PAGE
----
There is so much here to experience that, years ago, we decided that it would be helpful for visitors to have a map of the property and gardens. My talented artist husband sketched this one afternoon, and we update it whenever something changes.
Let's follow the map's legend and take a long, leisurely tour of the property, structures, and gardens at Hartwood Manor ... emphasis on the "long" part of this tour, because this is a long post. Garden photos in this post were taken this morning, June 12, 2015. The roses, in general, are mostly past peak and flowers have dried up in our summer heat from the past few days. There is still a lot to look at, though, as you will see.
1. Front Fence Border.
This was the first rose garden at Hartwood Roses, designed and planted in 2007. This area was formerly a huge overgrown feral Forsythia hedge. It contains a collection of Noisette, Hybrid Perpetual, Bourbon, Hybrid Musk, China, and Tea roses. This garden was renovated in 2015, to make space for roses from the Leonie Bell collection at Tufton Farm.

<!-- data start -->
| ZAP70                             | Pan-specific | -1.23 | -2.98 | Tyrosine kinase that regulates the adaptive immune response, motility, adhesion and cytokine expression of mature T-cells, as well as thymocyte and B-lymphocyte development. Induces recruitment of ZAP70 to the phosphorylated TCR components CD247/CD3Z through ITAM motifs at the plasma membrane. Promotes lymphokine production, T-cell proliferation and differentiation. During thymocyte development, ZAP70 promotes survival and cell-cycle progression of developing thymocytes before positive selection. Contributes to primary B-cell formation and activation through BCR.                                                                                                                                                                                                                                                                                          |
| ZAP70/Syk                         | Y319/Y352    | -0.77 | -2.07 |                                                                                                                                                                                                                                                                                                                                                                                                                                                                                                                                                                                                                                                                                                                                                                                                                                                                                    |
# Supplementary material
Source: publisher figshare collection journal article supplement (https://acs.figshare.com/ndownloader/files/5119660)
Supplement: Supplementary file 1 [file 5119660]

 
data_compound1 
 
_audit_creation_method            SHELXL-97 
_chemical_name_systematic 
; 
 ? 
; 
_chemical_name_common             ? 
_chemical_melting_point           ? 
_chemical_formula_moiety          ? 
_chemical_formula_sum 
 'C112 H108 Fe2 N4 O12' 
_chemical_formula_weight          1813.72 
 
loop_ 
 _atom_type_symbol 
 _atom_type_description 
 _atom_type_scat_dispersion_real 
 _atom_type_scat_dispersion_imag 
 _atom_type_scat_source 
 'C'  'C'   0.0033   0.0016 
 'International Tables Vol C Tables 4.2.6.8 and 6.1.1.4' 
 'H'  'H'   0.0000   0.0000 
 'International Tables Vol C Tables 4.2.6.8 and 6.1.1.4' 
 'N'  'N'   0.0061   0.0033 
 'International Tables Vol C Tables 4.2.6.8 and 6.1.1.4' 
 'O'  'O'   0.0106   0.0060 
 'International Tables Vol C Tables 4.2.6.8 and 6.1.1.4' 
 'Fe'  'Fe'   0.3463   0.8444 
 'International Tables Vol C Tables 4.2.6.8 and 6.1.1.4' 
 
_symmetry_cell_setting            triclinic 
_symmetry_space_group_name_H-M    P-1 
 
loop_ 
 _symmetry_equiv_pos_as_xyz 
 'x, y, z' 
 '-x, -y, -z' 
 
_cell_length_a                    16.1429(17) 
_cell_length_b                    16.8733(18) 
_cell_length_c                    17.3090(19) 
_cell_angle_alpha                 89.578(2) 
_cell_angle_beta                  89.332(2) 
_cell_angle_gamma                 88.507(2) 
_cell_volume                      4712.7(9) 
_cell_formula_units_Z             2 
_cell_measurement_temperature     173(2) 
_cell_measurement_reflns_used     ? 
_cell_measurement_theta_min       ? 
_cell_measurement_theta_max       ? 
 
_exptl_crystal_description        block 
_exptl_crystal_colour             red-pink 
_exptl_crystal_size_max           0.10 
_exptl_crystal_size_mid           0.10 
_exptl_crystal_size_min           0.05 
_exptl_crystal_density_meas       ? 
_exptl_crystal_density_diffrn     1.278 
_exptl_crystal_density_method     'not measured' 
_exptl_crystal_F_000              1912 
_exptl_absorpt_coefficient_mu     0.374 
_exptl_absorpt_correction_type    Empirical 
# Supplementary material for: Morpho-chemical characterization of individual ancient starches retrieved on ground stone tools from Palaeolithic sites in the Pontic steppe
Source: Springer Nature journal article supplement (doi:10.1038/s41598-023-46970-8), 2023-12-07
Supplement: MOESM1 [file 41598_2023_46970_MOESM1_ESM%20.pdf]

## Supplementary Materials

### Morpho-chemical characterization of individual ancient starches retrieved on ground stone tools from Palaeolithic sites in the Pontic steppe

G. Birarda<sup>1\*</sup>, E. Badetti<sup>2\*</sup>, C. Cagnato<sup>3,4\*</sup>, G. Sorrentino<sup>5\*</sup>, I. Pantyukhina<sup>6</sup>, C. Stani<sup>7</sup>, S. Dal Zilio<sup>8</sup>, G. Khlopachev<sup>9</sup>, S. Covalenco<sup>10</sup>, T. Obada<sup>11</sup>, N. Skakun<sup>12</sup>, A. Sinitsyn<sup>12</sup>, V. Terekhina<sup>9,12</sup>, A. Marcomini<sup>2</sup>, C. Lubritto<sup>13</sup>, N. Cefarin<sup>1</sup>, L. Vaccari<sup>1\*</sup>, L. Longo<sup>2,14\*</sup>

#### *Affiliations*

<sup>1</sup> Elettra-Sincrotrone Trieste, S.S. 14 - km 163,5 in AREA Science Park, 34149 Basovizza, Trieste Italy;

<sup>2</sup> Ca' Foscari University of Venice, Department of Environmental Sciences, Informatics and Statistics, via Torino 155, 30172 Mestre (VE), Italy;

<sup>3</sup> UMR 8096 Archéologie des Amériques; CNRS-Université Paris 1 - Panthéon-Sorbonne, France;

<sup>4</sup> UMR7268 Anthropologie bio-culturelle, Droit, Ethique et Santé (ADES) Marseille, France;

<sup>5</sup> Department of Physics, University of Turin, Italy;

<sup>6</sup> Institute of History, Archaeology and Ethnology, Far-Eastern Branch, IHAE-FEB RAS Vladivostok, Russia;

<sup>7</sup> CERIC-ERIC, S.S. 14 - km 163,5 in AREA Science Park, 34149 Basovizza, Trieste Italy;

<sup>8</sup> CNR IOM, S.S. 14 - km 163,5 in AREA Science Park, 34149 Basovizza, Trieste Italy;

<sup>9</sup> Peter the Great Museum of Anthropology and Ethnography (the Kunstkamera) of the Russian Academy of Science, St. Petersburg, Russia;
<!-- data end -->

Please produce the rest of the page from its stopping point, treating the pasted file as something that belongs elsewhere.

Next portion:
'Dr. W. Van Fleet', planted so that it's the first rose I see every time I pull into the driveway.
No flowers left on 'Moonlight' and 'Shailer's Provence' ... a beautiful combination two weeks ago.
Tiny new plant of "Single Pink China" from the Tufton Collection is continuing to grow and flower.
Newly planted "Cemetery Musk Seedling" is doing great.
2. Hybrid Tea Garden.
Four geometric garden beds, cut into the turf and edged in brick, in the style of an early formal rose garden. This garden contains an assortment of 80 Hybrid Tea and Floribunda roses, mostly from the late 19th and early 20th century.
North side of the Hybrid Tea Garden.
Beautiful fiery orange bud on 'Maria Stern'
Second flush of bloom on 'Poulsen's Pearl'
I have yet to accurately capture Hadley's deep magenta red.
'Peace' was one of my grandmother's favorite roses.
3. Van Fleet Fence.
This garden along one side of the concrete cannonball fence beside our circular driveway is planted with once-blooming Hybrid Wichurana ramblers developed in the early 20th century by my favorite hybridizer, Dr. Walter Van Fleet of Beltsville, Maryland.